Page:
Outcomes and assessments
PROs were measured using the Health Assessment Questionnaire-Disability Index (HAQ-DI), including Patient Pain assessed on a visual analog scale (VAS) , Patient Global Assessment of Disease Activity (Patient Global) VAS , Functional Assessment of Chronic Illness Therapy (FACIT)-Fatigue Scale (Version 4), and 36-Item Short Form Health Survey (SF-36) [15, 16]. The three constituent PROs of the ACR response criteria, HAQ-DI, Patient Global and Patient Pain, were measured at baseline (day − 1) and at weeks 1, 2, 4, 8, 12, 16, 20, and 24. Two additional PRO measures, the FACIT-Fatigue Scale and SF-36, were measured at baseline and at weeks 4, 12, and 24. Changes from baseline in PRO parameters were examined, along with active group versus placebo comparisons. Minimal clinically important differences (MCIDs) were assessed as change from baseline, defined as a 0.22-point decrease on a scale of 0–3 for HAQ-DI scores , a 10-mm decrease on a scale of 0–100 mm for Patient Pain and Patient Global , a 4-point increase on a scale of 0–52 in FACIT-Fatigue score,  and a 2.5-point increase on a scale of 0–100 for SF-36 physical component summary (PCS) and mental component summary (MCS) scores . At week 12, the proportions of patients who reached normalized PRO values were measured for HAQ-DI, FACIT-Fatigue, and PCS and MCS, based on normative values ≤0.5 for HAQ-DI (minimal disease activity) , ≥40 for FACIT-Fatigue , and ≥50 for PCS and MCS scores [22, 23]. The PRO instruments, MCIDs and normalized values used in this study are summarized in Additional file 4: Table S1.
Sample sizes and statistical analyses
All randomized patients who received at least one dose of study drug were included in the intent-to-treat (ITT) population. Patients who switched treatments at week 12 were handled as discontinuations and data were imputed from week 12 onwards. Missing data were accounted for using a last observation carried forward computation. Between-group comparisons were done for each filgotinib dose group versus the placebo group. Hommel’s closed testing correction procedure was applied to adjust for multiplicity. Corrected p values <0.05 were considered indicative of a statistically significant comparison.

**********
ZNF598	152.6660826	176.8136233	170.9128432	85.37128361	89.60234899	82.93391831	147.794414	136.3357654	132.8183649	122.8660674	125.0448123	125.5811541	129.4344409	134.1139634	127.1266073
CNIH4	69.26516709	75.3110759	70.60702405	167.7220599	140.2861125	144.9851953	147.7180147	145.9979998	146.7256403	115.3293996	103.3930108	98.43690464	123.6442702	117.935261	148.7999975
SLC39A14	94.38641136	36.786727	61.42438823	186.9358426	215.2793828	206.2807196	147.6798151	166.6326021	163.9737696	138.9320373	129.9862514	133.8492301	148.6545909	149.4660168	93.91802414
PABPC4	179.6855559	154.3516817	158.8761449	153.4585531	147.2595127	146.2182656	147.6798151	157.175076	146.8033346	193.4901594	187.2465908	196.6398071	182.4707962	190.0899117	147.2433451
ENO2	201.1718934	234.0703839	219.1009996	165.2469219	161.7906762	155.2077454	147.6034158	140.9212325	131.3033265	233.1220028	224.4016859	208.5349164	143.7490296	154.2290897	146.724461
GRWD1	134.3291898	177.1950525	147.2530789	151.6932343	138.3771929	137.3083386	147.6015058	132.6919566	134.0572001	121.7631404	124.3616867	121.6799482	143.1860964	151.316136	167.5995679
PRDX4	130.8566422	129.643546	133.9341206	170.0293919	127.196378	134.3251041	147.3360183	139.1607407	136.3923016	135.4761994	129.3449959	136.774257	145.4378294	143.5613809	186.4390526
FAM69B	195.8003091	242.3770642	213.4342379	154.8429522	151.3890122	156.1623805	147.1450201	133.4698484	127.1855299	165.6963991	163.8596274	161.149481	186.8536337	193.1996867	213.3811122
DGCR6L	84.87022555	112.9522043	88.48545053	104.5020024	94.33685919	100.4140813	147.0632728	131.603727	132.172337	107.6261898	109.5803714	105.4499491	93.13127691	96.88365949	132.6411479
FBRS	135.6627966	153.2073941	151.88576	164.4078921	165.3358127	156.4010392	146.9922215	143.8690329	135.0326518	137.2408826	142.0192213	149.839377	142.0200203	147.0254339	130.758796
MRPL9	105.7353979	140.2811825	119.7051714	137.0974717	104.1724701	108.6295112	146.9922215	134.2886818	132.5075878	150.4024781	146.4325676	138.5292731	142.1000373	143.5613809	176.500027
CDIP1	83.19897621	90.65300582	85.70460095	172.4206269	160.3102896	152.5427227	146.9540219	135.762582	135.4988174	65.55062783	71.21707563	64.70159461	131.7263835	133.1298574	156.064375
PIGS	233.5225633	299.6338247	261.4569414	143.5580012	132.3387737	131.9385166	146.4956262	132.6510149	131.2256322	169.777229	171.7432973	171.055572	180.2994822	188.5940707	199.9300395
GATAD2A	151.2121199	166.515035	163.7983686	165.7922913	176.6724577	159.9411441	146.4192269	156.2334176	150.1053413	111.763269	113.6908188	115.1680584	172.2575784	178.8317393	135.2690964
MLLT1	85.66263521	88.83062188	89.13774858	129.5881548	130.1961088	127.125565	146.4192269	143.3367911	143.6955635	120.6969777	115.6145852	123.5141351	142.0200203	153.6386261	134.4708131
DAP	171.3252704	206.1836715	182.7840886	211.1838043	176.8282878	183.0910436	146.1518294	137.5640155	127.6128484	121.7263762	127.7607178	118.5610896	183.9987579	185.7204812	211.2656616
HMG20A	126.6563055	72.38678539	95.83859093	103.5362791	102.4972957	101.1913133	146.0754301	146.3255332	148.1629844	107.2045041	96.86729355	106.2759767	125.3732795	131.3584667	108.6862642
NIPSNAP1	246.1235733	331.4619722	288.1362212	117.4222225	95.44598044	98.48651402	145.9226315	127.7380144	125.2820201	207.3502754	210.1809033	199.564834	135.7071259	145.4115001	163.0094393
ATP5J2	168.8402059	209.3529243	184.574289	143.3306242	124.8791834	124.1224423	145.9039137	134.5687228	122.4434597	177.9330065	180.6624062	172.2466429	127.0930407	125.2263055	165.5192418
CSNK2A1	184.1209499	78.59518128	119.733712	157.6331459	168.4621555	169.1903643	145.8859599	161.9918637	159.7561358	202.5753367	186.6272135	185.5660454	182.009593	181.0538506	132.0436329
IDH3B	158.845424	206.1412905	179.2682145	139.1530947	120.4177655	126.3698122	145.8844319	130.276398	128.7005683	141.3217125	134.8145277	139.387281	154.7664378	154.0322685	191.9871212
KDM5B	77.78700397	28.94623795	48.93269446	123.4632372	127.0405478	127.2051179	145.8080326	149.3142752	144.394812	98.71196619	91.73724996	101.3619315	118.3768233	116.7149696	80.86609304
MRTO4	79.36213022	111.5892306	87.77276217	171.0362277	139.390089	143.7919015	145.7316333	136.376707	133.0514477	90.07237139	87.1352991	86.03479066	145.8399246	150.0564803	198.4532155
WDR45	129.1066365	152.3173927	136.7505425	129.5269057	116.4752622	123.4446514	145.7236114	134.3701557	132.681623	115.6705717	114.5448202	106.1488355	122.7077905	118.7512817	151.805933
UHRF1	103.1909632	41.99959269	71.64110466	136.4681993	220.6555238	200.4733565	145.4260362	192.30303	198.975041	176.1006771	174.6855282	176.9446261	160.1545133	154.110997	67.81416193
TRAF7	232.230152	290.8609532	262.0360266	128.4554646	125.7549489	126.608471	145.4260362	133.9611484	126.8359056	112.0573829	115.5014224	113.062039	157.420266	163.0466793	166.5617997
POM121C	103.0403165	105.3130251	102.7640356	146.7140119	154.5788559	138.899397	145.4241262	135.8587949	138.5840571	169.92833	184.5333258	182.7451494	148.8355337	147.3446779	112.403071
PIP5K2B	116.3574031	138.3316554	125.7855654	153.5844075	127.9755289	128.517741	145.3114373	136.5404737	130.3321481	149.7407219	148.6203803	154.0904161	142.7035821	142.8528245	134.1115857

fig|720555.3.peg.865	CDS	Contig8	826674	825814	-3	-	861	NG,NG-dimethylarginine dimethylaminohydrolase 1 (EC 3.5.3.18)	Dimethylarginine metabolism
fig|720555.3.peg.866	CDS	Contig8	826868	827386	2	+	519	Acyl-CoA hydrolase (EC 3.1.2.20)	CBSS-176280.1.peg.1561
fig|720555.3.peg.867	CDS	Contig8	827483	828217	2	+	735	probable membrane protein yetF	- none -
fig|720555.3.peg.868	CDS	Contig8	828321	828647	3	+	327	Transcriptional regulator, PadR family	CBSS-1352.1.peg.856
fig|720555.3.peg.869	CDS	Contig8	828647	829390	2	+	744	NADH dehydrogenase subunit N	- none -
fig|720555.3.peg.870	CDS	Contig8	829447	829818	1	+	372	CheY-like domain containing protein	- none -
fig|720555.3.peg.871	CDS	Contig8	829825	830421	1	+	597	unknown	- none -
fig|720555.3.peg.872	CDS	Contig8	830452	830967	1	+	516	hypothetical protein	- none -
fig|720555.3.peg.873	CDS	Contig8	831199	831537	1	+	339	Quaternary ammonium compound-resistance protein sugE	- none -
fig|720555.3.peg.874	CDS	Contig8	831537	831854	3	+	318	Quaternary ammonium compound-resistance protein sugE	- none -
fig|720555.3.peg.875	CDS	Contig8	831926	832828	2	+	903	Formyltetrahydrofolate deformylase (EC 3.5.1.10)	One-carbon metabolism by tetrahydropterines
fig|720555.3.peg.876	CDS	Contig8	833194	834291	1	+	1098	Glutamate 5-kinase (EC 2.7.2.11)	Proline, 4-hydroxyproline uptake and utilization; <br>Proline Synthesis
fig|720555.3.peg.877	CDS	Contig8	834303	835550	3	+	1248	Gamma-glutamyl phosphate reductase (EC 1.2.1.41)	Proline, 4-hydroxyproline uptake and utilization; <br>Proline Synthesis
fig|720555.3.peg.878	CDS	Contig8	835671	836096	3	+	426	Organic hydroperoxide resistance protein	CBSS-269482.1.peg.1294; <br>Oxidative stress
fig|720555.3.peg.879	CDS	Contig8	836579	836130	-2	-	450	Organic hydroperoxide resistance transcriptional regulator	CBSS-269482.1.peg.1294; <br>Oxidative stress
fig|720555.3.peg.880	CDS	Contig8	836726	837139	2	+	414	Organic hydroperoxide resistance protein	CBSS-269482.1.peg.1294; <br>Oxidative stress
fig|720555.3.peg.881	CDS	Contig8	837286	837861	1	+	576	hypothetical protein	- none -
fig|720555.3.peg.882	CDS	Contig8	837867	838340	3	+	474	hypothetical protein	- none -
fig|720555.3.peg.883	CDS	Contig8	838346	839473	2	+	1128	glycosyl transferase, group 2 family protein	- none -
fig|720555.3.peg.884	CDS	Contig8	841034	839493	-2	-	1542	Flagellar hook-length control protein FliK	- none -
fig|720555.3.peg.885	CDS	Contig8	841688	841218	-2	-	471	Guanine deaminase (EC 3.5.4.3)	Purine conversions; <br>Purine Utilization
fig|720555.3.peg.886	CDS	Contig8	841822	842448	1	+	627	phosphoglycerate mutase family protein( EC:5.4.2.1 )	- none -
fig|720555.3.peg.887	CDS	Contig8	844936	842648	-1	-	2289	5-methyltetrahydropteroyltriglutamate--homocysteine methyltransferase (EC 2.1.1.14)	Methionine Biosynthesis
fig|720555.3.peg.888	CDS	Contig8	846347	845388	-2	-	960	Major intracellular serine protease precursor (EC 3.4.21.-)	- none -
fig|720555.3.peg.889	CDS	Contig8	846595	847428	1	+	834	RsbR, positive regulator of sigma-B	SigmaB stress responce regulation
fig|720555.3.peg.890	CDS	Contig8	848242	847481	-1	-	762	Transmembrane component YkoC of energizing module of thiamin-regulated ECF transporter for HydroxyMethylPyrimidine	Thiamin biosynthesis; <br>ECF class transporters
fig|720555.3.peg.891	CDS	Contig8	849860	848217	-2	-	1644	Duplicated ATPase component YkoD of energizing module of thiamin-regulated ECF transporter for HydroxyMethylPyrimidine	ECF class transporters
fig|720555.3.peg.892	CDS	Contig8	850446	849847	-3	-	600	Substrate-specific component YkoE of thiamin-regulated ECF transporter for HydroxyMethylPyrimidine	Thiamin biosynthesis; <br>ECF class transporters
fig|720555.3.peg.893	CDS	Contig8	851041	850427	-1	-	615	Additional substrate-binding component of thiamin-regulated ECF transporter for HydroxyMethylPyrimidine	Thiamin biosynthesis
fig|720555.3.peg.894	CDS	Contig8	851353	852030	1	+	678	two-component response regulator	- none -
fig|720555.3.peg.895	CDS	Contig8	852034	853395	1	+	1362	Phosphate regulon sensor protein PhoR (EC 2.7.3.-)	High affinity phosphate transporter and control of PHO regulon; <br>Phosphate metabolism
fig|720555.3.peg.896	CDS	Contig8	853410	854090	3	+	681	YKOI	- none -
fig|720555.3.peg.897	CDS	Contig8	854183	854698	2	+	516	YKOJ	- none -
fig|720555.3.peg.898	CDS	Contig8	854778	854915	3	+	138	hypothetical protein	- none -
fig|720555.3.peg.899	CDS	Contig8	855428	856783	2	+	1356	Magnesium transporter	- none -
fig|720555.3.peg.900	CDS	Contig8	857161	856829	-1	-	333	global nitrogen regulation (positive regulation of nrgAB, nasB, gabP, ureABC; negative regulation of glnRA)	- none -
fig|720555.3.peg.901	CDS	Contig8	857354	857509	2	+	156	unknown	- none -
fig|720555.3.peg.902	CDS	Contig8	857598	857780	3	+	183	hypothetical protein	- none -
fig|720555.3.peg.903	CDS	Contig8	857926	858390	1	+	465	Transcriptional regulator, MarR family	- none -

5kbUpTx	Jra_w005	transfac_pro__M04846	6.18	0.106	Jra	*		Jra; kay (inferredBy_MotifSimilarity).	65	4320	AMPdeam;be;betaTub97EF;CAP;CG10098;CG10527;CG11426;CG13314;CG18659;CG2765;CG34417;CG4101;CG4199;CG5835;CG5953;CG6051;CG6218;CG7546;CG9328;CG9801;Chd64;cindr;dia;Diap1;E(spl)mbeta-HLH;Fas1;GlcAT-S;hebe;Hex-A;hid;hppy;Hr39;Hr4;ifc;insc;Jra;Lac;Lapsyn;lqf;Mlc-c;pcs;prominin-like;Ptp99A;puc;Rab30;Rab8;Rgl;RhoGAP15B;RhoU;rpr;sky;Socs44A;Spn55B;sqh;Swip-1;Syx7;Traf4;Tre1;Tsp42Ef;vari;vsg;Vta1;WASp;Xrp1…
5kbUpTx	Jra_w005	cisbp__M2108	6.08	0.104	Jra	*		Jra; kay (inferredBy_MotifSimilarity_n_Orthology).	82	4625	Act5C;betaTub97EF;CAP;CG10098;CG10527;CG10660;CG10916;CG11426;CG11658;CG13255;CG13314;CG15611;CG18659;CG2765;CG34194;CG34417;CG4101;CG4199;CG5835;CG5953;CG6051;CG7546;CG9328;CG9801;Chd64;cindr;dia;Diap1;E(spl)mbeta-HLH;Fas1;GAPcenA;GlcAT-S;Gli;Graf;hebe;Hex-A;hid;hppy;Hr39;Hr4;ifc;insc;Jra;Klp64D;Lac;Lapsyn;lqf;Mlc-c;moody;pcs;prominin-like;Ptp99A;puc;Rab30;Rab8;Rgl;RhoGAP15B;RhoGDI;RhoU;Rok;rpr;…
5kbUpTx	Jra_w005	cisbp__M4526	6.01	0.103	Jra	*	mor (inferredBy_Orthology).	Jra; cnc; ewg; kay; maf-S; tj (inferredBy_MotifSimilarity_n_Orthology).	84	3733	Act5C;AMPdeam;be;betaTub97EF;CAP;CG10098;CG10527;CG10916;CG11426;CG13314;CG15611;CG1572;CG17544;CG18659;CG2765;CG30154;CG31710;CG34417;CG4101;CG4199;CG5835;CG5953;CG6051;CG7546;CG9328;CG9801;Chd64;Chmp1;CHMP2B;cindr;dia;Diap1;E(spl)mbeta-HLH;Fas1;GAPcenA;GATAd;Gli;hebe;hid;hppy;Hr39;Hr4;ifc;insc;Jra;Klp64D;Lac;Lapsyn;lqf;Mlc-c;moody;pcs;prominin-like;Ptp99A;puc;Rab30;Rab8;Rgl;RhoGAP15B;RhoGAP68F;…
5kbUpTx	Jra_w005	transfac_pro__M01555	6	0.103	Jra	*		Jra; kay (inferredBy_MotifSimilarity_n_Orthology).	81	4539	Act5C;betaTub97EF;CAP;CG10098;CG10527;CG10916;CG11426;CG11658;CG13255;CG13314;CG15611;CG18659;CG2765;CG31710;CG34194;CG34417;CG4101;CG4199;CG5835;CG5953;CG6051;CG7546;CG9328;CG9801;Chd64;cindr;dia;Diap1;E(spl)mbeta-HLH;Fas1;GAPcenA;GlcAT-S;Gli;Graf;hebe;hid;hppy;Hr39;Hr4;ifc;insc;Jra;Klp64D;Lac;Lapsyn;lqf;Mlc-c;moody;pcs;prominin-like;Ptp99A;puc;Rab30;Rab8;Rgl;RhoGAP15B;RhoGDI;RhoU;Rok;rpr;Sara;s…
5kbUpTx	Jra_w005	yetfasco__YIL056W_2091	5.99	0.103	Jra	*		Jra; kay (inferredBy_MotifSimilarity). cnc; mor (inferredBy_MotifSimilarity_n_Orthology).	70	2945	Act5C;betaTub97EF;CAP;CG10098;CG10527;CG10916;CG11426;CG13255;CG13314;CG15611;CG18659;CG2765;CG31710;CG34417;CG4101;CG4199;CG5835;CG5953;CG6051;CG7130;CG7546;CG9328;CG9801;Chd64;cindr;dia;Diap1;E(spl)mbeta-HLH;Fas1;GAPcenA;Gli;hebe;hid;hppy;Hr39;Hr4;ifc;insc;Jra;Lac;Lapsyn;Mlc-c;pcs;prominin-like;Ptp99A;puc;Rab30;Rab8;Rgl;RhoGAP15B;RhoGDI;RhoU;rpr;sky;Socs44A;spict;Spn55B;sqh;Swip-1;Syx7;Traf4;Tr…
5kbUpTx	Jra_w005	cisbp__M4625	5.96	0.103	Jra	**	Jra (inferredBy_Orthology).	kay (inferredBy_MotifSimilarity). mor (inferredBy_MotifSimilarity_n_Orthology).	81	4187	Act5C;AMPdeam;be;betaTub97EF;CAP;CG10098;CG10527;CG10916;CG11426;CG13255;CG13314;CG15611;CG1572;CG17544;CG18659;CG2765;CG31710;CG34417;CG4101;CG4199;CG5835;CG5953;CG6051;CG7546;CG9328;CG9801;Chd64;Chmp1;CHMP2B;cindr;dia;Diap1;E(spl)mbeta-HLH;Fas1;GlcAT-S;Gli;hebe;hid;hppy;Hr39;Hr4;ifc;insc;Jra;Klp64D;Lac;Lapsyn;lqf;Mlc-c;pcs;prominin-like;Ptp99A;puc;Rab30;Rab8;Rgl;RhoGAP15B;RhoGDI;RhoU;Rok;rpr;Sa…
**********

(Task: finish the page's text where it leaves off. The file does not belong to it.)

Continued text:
MCIDs and normative analyses were exploratory and were not tested for significance. Similarly, this study was not powered for any formal comparisons among the dose groups, or between the q.d. and b.i.d. regimens, which were examined in an exploratory fashion via a model containing both variables. No adjustment for multiplicity was made for these exploratory comparisons.
A total of 594 patients in the MTX add-on study and 283 patients in the monotherapy study received at least one dose of study drug and were included in the ITT population. Additional file 1: Figure S1A and B illustrate patient flow through the studies.
Baseline patient demographics and disease characteristics by treatment group for both studies have been reported previously and were similar between the two overall study populations (Additional file 4: Table S2) and were balanced between the treatment groups within each study [11, 12].
Scores for PROs at baseline indicated a population with a high disease burden in line with moderate-to-severe RA activity scores; levels of disability reported were similar across the treatment groups in both studies (Table 1).
Changes from baseline in the HAQ-DI have been reported previously [11, 12]. To recapitulate, all treatment groups in both studies had a reduction in HAQ-DI scores over the course of the study (Table 2). At week 24 in the MTX add-on study, scores were better improved in the filgotinib-100 mg and 200-mg groups than in the placebo group (decrease of 0.66–0.90 points vs 0.37 points, respectively; p < 0.01). At week 12 in the monotherapy study, scores showed better improvement in the filgotinib 50-mg, 100-mg, and 200-mg groups than in the placebo group (decrease of 0.66 to 0.74 points vs 0.23 points, respectively; p < 0.001).